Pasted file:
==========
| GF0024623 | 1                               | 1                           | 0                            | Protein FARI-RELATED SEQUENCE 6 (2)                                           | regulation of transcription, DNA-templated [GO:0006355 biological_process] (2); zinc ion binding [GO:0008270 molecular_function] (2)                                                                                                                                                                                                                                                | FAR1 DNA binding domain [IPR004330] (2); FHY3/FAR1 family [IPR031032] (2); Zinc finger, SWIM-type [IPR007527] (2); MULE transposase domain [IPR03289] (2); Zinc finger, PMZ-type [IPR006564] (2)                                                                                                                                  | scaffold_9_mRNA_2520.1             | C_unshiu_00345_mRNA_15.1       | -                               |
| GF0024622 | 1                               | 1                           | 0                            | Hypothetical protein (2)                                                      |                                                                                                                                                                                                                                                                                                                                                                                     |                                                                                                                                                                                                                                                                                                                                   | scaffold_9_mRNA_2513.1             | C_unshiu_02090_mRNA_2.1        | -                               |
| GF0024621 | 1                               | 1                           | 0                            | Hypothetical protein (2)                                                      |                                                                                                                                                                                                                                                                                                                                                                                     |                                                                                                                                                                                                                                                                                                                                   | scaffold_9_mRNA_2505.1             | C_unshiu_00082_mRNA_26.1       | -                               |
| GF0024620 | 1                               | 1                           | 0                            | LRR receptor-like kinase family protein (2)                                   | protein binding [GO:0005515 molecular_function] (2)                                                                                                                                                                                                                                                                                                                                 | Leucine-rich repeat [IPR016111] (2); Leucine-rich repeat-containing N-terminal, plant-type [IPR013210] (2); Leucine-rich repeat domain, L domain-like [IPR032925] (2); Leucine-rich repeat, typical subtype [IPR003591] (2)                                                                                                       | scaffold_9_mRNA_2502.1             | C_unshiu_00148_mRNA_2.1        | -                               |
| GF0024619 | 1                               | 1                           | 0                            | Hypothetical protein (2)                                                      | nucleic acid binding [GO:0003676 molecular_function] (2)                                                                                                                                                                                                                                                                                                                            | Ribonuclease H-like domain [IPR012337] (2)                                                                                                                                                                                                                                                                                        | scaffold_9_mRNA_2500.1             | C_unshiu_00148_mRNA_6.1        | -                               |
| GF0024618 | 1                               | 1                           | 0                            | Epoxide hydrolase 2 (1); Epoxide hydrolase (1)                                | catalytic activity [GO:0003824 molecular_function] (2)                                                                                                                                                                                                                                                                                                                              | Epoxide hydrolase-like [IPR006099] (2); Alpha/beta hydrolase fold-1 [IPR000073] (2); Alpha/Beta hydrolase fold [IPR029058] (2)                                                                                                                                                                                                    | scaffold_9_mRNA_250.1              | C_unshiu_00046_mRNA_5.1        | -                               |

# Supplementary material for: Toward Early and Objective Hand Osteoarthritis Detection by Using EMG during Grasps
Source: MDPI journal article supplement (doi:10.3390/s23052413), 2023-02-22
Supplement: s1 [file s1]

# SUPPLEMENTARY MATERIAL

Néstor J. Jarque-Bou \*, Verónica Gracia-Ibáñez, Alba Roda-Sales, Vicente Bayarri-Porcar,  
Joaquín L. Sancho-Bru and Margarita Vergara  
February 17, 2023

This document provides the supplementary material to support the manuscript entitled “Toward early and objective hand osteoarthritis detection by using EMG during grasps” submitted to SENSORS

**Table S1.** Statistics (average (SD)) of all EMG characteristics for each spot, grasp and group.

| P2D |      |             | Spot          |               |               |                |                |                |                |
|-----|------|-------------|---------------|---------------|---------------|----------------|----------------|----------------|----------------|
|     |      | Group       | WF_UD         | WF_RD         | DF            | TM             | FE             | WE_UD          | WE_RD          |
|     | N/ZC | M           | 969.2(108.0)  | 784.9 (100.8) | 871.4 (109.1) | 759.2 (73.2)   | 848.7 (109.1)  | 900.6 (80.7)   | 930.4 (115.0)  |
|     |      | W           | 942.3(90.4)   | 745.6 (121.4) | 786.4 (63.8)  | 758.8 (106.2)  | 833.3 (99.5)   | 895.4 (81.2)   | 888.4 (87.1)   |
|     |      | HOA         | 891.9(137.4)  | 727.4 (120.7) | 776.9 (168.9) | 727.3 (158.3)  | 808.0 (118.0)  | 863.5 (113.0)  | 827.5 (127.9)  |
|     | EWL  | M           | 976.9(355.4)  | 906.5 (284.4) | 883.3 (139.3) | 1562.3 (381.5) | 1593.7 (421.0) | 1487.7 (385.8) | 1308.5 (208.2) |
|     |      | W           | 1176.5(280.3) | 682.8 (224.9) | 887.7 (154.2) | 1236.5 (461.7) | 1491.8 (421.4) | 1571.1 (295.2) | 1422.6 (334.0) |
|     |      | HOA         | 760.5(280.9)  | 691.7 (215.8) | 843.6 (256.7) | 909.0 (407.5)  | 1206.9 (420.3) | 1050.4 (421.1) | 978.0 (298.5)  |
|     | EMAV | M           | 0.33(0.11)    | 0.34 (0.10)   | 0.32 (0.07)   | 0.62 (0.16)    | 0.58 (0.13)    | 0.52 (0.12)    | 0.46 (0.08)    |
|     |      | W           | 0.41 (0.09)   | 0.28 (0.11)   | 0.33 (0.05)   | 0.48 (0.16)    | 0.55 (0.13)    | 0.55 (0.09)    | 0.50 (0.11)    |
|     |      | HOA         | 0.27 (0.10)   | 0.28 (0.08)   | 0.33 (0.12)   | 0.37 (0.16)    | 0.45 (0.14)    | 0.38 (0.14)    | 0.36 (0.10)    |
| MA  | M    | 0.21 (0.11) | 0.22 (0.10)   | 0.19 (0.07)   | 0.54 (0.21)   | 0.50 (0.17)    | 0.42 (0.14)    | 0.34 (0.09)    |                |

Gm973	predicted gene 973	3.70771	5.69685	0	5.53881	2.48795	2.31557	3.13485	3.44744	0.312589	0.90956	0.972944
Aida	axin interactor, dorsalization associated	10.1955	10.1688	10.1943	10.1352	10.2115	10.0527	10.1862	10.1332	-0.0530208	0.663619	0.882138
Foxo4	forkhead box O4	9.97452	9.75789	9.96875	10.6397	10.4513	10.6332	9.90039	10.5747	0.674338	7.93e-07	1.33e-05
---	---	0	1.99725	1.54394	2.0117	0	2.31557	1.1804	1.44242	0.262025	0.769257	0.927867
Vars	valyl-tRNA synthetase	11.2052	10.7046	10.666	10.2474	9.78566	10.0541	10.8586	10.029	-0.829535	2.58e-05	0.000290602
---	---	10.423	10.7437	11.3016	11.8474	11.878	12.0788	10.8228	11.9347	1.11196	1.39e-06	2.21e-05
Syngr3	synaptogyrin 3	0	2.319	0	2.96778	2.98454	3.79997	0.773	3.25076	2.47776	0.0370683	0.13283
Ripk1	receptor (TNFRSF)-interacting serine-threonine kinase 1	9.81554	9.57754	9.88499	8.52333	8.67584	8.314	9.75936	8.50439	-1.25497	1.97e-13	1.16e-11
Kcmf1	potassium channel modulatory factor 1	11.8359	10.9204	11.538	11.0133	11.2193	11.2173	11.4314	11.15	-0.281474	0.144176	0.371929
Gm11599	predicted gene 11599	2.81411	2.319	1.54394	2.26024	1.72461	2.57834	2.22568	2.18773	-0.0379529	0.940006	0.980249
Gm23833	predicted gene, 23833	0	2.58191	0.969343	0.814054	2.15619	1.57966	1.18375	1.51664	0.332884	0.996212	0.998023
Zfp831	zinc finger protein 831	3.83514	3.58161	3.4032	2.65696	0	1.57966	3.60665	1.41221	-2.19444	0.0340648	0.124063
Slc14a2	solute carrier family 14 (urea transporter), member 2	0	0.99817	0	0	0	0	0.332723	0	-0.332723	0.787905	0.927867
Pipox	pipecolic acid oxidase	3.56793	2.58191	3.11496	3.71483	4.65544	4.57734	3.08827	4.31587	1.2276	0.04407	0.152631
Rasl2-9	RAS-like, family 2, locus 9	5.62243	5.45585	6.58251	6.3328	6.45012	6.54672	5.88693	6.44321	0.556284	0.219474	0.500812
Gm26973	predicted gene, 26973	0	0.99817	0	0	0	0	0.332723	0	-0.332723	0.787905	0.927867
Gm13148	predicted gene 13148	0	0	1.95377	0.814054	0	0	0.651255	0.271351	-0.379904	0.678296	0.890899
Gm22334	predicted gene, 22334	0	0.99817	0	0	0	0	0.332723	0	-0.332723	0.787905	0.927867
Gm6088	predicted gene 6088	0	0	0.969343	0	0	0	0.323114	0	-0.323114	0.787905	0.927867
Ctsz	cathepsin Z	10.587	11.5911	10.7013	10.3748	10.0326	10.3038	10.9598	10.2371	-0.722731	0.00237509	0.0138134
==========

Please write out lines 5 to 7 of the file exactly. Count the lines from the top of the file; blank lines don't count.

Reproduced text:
| GF0024619 | 1                               | 1                           | 0                            | Hypothetical protein (2)                                                      | nucleic acid binding [GO:0003676 molecular_function] (2)                                                                                                                                                                                                                                                                                                                            | Ribonuclease H-like domain [IPR012337] (2)                                                                                                                                                                                                                                                                                        | scaffold_9_mRNA_2500.1             | C_unshiu_00148_mRNA_6.1        | -                               |
| GF0024618 | 1                               | 1                           | 0                            | Epoxide hydrolase 2 (1); Epoxide hydrolase (1)                                | catalytic activity [GO:0003824 molecular_function] (2)                                                                                                                                                                                                                                                                                                                              | Epoxide hydrolase-like [IPR006099] (2); Alpha/beta hydrolase fold-1 [IPR000073] (2); Alpha/Beta hydrolase fold [IPR029058] (2)                                                                                                                                                                                                    | scaffold_9_mRNA_250.1              | C_unshiu_00046_mRNA_5.1        | -                               |

# Supplementary material for: Toward Early and Objective Hand Osteoarthritis Detection by Using EMG during Grasps